Introduction It is commonly accepted that “increased trade is essential” for developing countries to fully benefit from increased globalization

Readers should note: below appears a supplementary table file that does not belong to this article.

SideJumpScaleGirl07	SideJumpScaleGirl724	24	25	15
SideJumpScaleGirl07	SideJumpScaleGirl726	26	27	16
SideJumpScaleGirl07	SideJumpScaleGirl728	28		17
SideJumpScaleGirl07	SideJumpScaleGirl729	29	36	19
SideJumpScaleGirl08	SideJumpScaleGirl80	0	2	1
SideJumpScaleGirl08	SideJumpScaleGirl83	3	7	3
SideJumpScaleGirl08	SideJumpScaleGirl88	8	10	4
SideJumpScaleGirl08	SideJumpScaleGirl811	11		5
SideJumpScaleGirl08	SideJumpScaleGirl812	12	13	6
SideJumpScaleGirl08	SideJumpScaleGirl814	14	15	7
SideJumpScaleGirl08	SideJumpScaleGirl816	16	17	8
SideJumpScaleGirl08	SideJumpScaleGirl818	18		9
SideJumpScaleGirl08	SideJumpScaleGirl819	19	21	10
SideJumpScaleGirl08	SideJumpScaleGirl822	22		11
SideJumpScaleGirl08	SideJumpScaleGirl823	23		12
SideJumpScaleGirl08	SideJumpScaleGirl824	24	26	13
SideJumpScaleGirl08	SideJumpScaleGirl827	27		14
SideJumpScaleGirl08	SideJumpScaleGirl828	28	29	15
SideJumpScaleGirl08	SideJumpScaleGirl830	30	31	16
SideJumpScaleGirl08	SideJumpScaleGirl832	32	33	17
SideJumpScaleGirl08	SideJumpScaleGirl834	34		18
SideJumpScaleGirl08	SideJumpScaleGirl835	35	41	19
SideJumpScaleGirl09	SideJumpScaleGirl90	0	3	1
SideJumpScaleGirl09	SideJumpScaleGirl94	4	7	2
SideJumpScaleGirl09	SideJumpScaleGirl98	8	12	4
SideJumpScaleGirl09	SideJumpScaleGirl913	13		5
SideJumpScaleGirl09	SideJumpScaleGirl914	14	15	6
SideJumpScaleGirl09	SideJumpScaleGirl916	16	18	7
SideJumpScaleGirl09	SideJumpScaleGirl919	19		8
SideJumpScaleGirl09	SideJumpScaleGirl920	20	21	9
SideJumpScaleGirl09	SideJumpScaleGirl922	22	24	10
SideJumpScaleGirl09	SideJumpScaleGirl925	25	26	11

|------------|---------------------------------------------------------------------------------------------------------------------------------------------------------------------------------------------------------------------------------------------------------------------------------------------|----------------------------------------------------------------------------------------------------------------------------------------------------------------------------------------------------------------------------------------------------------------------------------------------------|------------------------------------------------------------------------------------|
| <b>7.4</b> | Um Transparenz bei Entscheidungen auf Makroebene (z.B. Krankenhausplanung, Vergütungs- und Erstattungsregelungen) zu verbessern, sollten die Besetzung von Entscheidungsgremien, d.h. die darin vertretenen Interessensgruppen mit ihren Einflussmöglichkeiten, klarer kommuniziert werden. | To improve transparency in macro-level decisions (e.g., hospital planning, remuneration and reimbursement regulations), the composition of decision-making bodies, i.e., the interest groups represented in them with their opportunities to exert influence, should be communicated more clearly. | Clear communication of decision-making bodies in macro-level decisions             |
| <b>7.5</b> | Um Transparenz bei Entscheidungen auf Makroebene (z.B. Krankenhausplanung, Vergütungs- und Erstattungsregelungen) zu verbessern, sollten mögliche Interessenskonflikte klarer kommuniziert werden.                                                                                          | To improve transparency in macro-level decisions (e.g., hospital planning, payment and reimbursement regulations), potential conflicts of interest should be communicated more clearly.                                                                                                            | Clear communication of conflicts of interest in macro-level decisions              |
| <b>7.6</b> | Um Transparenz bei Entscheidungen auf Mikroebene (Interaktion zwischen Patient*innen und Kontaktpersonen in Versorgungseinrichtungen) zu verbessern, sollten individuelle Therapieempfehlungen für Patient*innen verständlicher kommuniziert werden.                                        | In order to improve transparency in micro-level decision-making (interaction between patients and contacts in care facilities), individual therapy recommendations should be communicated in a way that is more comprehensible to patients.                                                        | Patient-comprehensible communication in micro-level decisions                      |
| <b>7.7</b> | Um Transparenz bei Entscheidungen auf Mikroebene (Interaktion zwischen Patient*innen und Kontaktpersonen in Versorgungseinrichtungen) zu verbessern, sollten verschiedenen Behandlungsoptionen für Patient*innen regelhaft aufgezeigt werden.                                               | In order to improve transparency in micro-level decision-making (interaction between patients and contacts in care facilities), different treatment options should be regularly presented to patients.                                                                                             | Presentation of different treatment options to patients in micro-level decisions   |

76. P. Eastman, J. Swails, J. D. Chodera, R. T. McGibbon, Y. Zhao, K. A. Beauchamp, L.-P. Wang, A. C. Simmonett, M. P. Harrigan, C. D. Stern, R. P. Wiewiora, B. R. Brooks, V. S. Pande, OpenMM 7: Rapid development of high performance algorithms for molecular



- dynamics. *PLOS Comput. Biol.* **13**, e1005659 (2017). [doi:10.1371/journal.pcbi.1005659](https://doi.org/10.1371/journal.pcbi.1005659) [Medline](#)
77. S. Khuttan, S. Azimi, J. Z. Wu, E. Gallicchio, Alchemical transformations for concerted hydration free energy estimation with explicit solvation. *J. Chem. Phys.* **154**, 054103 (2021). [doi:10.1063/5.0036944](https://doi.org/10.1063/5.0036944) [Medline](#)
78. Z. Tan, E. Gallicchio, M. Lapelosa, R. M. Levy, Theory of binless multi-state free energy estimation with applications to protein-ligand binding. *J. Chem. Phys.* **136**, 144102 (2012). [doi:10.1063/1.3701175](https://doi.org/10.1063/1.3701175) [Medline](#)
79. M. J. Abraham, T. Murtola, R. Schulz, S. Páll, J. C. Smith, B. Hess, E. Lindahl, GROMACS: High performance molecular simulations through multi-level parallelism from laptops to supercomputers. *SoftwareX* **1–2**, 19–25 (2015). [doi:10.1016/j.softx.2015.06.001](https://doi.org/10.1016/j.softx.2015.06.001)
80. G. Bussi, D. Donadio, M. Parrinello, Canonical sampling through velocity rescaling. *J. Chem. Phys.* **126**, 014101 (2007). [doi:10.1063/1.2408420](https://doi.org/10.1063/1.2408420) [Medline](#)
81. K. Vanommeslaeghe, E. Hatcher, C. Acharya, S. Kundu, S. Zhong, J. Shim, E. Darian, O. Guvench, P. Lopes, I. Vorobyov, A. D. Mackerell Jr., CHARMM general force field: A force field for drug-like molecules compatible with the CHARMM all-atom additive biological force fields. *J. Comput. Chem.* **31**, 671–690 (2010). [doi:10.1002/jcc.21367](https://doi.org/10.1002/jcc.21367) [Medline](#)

of product and financial markets (United Nations, 2001). Despite the importance of successfully integrating developing countries into the world economy, there has always been an active debate on the pace, method and institutional framework to achieve these goals. An important milestone in the debate was reached when a large number of developing countries actively participated in the Uruguay Round negotiations and signed the agreements. Since then, many other countries joined the WTO, agreed to implement many reforms and committed to make the rule-based multilateral trade regime a cornerstone of their development process. This commitment is stated clearly in the opening sentences of the Doha Ministerial Declaration: “The multilateral trading system embodied in the WTO has contributed significantly to economic growth, development and employment throughout the past fifty years. We are determined, in the light of the global economic slowdown, to maintain the process of reform and liberalization of trade policies, thus ensuring the system plays its full part in promoting recovery, growth and development.” (WTO [2001]). However, the Doha Declarations could not conceal the complaints among the developing countries that the promises of the Uruguay Round were not fulfilled. The events and discussions surrounding and following the Seattle and Doha Ministerial Conferences are illustrations of this dissatisfaction1. The Doha Ministerial Declaration repeatedly stresses the commitment to WTO “as the unique forum for global trade rule-making and liberalization.” For the global commitment to economic integration, trade liberalization and especially to the WTO to continue, it is imperative to have a clear understanding of what institutional features of the present trade regime can help or hurt the interests of the developing countries. This is especially important today since “the majority of WTO members are developing countries” and the ministers in Doha were clear on their desire to “place developing countries’ needs and interests at the heart of Work Program adopted in this Declaration” (WTO [2001]). As the debates leading to the Cancun meetings show, the development concerns may easily become the main obstacles in front of the multilateral trade liberalization efforts.